Causes and Treatment of My Cat’s Coughing in Ukiah, CA

There are many reasons why your cat might be coughing. Some causes are benign and easy to treat, while others may be more complicated and serious. Here is a list of common causes of coughing in cats and how best to treat it.


Your kitty can have asthma too. In fact, it is the leading respiratory disorder among felines. Cat asthma is caused by something irritating your cat’s airway, which causes inflammation and narrowing of the passage.

Possible Causes

  • Cat litter dust
  • Allergens, such as pollen or dust
  • Cigarette smoke
  • Heavy perfumes
  • Stress
  • Obesity


  • Wheezing or audible breathing
  • Open-mouthed breathing or panting
  • Rapid breathing
  • Coughing or hacking
  • Vomiting
  • Lethargy
  • Stomach movement while inhaling or exhaling, as though she is forcing air in or out

Diagnosing Asthma

If you suspect your cat has asthma, you should take him to the veterinarian right away. While there, your vet will:

  • Take a history of your cat’s symptoms
  • Listen to his heart and breath-rate
  • Imaging, such as x-ray or CT scan
  • Cytology (microscopic studying of cells found in your cat’s airway)
  • Bronchoscopy, where a scope is inserted in the airway to look around

How Asthma is Treated

Once a diagnosis has been reached, your vet could recommend the following:

  • Corticosteroids, to reduce the inflammation in lungs and airway
  • Elimination of any triggers, such as changing to a low-dust kitty litter and keeping your cat indoors
  • Bronchodilators, to dilate the airway

What is the Prognosis?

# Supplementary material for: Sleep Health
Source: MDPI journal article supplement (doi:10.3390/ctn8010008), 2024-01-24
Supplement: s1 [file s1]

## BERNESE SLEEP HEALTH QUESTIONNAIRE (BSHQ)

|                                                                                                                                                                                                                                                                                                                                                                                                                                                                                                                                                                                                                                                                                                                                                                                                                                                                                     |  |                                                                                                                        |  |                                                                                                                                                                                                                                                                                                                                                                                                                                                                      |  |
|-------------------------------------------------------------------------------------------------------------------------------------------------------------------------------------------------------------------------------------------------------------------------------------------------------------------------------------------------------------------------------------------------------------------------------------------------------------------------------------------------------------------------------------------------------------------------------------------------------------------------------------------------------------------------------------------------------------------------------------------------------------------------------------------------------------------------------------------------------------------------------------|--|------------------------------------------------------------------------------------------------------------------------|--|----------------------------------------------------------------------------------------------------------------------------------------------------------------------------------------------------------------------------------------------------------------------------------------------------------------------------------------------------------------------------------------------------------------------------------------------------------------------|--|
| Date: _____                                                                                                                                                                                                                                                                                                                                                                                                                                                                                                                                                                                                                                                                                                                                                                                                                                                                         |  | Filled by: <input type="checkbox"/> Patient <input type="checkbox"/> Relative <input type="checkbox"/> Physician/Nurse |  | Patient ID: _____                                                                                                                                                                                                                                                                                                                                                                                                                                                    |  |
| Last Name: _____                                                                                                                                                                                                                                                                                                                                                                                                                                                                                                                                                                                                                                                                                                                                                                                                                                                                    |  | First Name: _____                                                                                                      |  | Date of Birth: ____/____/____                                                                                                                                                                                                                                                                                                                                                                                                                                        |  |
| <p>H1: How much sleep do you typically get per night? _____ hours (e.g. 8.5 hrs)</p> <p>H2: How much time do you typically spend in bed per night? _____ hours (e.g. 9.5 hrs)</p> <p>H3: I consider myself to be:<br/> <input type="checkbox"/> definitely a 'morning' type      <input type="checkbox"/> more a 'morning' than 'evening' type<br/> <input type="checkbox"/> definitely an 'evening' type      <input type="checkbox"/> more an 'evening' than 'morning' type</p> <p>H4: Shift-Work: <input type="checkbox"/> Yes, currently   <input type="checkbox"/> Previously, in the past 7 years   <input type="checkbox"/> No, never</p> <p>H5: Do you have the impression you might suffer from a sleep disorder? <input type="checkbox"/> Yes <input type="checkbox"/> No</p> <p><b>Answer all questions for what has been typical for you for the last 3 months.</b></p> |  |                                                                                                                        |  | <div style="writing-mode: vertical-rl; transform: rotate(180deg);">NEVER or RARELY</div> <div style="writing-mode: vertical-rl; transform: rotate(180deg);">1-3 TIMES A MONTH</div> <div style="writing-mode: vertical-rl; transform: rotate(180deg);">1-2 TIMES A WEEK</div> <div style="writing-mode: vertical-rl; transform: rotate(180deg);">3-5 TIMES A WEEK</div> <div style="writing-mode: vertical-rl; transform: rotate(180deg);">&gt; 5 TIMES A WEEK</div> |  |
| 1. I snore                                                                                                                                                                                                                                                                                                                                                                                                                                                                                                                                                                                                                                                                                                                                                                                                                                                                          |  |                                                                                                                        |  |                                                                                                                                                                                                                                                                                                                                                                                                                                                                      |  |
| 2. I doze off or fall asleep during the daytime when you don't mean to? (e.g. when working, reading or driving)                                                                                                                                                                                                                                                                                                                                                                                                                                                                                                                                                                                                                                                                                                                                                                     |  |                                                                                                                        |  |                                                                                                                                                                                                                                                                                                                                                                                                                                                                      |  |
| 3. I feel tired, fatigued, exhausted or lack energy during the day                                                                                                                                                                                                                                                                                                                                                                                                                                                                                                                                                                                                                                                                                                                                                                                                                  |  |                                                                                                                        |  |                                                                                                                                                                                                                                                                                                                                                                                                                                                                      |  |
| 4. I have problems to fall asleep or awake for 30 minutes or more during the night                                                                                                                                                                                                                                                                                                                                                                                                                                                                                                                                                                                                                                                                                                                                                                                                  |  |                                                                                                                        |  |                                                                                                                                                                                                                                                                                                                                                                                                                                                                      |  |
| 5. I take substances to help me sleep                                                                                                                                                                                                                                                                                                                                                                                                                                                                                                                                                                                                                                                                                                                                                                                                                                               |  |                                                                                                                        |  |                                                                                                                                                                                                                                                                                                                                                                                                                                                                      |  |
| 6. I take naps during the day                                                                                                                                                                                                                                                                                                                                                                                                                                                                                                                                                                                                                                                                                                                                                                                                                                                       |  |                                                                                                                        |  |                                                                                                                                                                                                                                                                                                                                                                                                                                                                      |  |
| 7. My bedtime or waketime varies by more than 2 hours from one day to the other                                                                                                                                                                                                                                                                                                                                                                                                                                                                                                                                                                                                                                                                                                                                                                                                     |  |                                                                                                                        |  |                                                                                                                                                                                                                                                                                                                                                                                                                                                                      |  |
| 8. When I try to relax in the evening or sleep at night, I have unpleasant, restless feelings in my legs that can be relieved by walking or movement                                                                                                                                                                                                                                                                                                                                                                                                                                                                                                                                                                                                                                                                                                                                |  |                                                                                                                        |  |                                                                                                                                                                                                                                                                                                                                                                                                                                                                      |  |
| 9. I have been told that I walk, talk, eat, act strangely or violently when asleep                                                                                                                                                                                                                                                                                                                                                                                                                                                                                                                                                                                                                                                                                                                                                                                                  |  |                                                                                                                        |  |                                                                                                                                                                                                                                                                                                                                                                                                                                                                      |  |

With proper treatment and preventative measures, there is no reason that your kitty won’t live a long, healthy life. Cats with asthma may have occasional flare-ups, but life expectancy is usually not affected.

cat coughing in ukiah, ca

Upper Respiratory Infection

Otherwise known as a URI, this is essentially the kitty version of the common cold but can often require veterinary attention. Cat URIs are very contagious, so in a multiple cat home, you’ll likely see it spread among all your companions. Some URIs can even be contagious to humans or other species, so be sure to wash your hands often and quarantine any affected pets.

Possible Causes

The cause of cat upper respiratory infections are:

  • Viruses, such as Feline Herpesvirus Type 1 (FVR) and Feline calicivirus (FCV)
  • Bacteria, most commonly Bordetella bronchiseptica


  • Coughing, either dry or wet
  • Runny eyes and nose
  • Snoring or snorting
  • Sneezing
  • Lethargy
  • Loss of appetite
  • Yellow or green mucus

Diagnosing Upper Respiratory Infections

In most cases, a URI will clear up on its own, but if your cat has been sick for longer than three weeks, or he has stopped eating and drinking, you should take him to the veterinarian, who may:

  • Take a verbal history
  • Listen to your cat’s chest and lungs
  • Take a chest x-ray
  • Collect and scan discharge from eyes or nose

How Upper Respiratory Infections are Treated

Depending on the cause of the URI, your vet may:

  • Prescribe antibiotics, in case of a bacterial infection or to prevent a secondary infection
  • Suggest a humidifier
  • Prescribe eye ointment or nasal drops
  • Recommend a follow-up visit

What is the Prognosis?